The pancreas has cells in it called islets of Langerhans, which produce insulin, the hormone that allows and ensures normal carbohydrate metabolism. With acute, or even chronic, pancreatitis, these islets are destroyed and rendered functionless to varying degrees. The inability to produce enough insulin expectedly causes diabetes mellitus, which is a disease caused by lack of insulin (the reason why many diabetics get insulin shots for treatment).

Does drinking one or two drinks increase the risk?

No, there is no medical evidence among healthy people to show that drinking alcoholic beverage in prudent moderation increases the risk for acute pancreatitis. It is excessive alcohol intake that burns not only the liver and the stomach lining but the pancreas as well. The latter could lead to acute and/or chronic pancreatitis and its potential complications.

Can drug cause acute pancreatitis?

Yes, drugs can, especially so among drug addicts. Prescribed medications taken as directed and under the physician's supervision are safe.

How is the diagnosis made?

A thorough history and physical examination are essential. Blood test for pancreatic enzymes, white blood count, blood sugar and diabetic screening, calcium and liver function are done. Stool exam for excess fat, and a stimulation test to check pancreas function. Abdominal X-ray for pancreatic calcification (in chronic stage), CT scans for bile duct problems, stones, inflammation and cysts are also a part of the diagnostic regimen.

What is the treatment for pancreatitis?

The main regimen includes low fat diet, medications and possibly surgery. For those with acute pancreatitis who are seen by physicians, intravenous fluids are started to prevent malnutrition, dehydration and electrolyte imbalance. A temporary soft plastic tube through the nose may be passed down to drain the stomach and minimize nausea and vomiting. Pain medications are usually used for the abdominal pains. If the suspected culprit is a gallstone that is obstructing the duct, surgery may have to be done. Today, ERCP (endoscopic retrograde cholangiopancreatography) allows physicians (using a tiny flexible fiberoptic telescope, with light and a magnifier built-in, passed down from the mouth to the small intestine) to inject dye into the ducts and examine the pancreatic duct, common bile duct, and/or the sphincter of Oddi (where the stone could be stuck), and remove the stone to allow normal resumption the flow of bile and pancreatic juices. In severe cases, open abdominal surgery may be needed to drain the pancreatic duct or remove a part of the pancreas. After ERCP or surgery, low fat diet, abstinence from alcohol and cigarette, and possibly oral pancreatic enzyme supplements may be instituted. Regular medical follow-up is strongly recommended.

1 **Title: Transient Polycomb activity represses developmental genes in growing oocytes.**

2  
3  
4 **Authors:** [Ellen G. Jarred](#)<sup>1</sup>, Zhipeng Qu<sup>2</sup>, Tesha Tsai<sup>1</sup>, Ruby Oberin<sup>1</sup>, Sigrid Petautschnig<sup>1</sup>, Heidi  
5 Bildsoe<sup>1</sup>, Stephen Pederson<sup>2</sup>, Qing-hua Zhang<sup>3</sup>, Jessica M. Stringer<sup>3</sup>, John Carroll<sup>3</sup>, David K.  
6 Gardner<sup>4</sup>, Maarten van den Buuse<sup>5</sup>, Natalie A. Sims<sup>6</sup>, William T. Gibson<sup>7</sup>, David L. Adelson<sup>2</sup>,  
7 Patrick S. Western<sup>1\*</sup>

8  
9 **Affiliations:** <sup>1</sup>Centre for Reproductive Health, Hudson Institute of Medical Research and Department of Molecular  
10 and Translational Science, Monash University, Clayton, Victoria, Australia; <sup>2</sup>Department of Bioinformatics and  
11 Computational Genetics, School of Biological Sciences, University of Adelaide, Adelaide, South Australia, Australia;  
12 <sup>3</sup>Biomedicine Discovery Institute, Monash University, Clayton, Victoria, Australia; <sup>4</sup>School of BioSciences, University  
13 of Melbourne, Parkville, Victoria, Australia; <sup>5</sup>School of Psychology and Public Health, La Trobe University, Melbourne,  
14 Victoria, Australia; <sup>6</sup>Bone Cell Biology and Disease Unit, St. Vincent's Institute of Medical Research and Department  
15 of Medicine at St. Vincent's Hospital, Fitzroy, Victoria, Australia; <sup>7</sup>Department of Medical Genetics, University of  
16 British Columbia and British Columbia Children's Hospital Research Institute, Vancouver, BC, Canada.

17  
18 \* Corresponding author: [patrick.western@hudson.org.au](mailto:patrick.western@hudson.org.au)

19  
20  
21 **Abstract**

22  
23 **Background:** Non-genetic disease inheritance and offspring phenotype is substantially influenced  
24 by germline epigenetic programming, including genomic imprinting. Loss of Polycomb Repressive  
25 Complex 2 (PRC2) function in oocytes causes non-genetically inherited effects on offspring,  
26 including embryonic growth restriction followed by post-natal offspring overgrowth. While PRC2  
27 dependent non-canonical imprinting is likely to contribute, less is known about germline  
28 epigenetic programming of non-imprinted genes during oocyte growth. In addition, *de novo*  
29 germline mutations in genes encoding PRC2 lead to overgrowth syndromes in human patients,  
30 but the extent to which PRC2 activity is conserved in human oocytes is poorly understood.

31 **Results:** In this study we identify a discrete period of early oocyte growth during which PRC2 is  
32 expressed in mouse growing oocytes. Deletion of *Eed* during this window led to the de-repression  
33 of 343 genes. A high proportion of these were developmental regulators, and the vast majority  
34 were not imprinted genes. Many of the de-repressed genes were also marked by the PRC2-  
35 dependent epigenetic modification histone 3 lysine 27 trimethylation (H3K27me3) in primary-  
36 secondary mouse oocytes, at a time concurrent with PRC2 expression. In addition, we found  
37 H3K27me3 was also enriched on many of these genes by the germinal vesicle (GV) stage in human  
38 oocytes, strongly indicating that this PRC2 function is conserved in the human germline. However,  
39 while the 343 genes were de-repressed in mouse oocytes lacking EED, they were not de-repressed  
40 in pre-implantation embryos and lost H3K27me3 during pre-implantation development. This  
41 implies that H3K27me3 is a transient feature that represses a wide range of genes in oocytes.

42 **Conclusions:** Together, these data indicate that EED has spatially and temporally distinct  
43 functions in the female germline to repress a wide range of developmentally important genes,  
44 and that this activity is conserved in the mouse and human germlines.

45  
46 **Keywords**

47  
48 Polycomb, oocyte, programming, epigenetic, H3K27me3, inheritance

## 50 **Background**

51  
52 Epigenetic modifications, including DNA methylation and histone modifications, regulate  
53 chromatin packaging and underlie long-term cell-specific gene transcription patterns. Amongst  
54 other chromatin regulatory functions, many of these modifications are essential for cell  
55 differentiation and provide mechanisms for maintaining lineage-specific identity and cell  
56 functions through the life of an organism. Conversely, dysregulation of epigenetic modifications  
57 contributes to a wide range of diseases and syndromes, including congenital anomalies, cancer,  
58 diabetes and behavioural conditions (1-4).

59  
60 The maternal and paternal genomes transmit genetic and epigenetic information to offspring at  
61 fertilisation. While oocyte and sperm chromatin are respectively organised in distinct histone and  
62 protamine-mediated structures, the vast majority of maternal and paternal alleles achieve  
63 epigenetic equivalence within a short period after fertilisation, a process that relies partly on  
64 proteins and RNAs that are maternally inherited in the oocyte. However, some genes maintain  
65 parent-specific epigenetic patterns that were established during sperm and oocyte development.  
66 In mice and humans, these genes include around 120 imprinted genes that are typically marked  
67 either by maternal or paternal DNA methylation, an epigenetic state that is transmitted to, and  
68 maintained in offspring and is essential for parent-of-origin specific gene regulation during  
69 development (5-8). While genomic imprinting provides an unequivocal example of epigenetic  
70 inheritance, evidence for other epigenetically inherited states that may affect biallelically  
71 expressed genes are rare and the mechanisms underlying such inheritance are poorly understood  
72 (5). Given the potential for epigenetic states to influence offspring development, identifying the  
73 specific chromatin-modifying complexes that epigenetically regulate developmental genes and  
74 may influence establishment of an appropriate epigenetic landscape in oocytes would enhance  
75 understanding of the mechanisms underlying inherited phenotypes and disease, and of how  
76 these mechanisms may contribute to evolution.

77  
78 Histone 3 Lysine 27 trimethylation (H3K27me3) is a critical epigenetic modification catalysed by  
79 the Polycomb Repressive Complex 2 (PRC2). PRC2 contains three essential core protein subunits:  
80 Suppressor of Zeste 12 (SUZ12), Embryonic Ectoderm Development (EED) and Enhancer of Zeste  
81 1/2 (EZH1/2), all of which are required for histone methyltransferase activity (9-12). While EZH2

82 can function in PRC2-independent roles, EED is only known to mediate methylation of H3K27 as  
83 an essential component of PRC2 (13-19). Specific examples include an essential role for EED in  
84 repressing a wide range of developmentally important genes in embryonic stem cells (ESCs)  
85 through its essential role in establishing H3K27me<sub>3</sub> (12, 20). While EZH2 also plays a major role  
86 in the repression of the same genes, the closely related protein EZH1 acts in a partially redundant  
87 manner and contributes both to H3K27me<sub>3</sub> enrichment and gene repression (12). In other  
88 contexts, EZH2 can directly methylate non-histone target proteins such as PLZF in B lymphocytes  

How is pancreatitis prevented?

Although the cause is not clearly identified, there are some preventive measures people can take. Low fat diet is a must, especially for those with gallstones and gallbladder. Red meat, eggs, butter, etc. are real killers. Limiting alcoholic beverages to one or two drinks a day reduces the risk tremendously. A healthy lifestyle goes a long way, in more ways than one.

How about the prognosis?

Those patients who survive the acute phase, and so with those with chronic pancreatitis have a good chance of "healing" and warding off potential sequelae and complications of pancreatitis by strictly adhering to the regimen outlined above: low fat diet, no over-eating, no alcohol, no cigarette, taking the prescribed medications religiously, and living an overall healthy lifestyle.

©2003Raoul R. Diez, M.A.O.D.